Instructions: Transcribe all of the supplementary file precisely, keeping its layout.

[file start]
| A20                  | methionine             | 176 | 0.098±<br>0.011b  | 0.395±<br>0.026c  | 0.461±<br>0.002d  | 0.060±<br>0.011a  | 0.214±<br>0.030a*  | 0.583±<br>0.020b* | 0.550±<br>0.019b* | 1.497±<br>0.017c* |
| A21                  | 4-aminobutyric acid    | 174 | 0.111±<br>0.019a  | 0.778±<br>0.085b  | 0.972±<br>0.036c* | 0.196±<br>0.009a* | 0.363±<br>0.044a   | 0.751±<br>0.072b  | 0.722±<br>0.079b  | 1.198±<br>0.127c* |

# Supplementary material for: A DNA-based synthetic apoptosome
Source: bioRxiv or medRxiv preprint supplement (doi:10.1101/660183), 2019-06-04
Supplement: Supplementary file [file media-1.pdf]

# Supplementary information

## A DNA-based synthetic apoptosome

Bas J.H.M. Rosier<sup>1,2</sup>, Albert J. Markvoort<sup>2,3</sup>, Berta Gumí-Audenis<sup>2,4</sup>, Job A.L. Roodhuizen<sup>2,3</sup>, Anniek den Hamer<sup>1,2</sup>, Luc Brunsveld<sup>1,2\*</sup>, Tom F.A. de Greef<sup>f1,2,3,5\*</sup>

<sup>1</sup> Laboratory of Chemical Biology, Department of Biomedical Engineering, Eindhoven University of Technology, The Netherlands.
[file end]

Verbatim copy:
| A20                  | methionine             | 176 | 0.098±<br>0.011b  | 0.395±<br>0.026c  | 0.461±<br>0.002d  | 0.060±<br>0.011a  | 0.214±<br>0.030a*  | 0.583±<br>0.020b* | 0.550±<br>0.019b* | 1.497±<br>0.017c* |
| A21                  | 4-aminobutyric acid    | 174 | 0.111±<br>0.019a  | 0.778±<br>0.085b  | 0.972±<br>0.036c* | 0.196±<br>0.009a* | 0.363±<br>0.044a   | 0.751±<br>0.072b  | 0.722±<br>0.079b  | 1.198±<br>0.127c* |

# Supplementary material for: A DNA-based synthetic apoptosome
Source: bioRxiv or medRxiv preprint supplement (doi:10.1101/660183), 2019-06-04
Supplement: Supplementary file [file media-1.pdf]

# Supplementary information

## A DNA-based synthetic apoptosome

Bas J.H.M. Rosier<sup>1,2</sup>, Albert J. Markvoort<sup>2,3</sup>, Berta Gumí-Audenis<sup>2,4</sup>, Job A.L. Roodhuizen<sup>2,3</sup>, Anniek den Hamer<sup>1,2</sup>, Luc Brunsveld<sup>1,2\*</sup>, Tom F.A. de Greef<sup>f1,2,3,5\*</sup>

<sup>1</sup> Laboratory of Chemical Biology, Department of Biomedical Engineering, Eindhoven University of Technology, The Netherlands.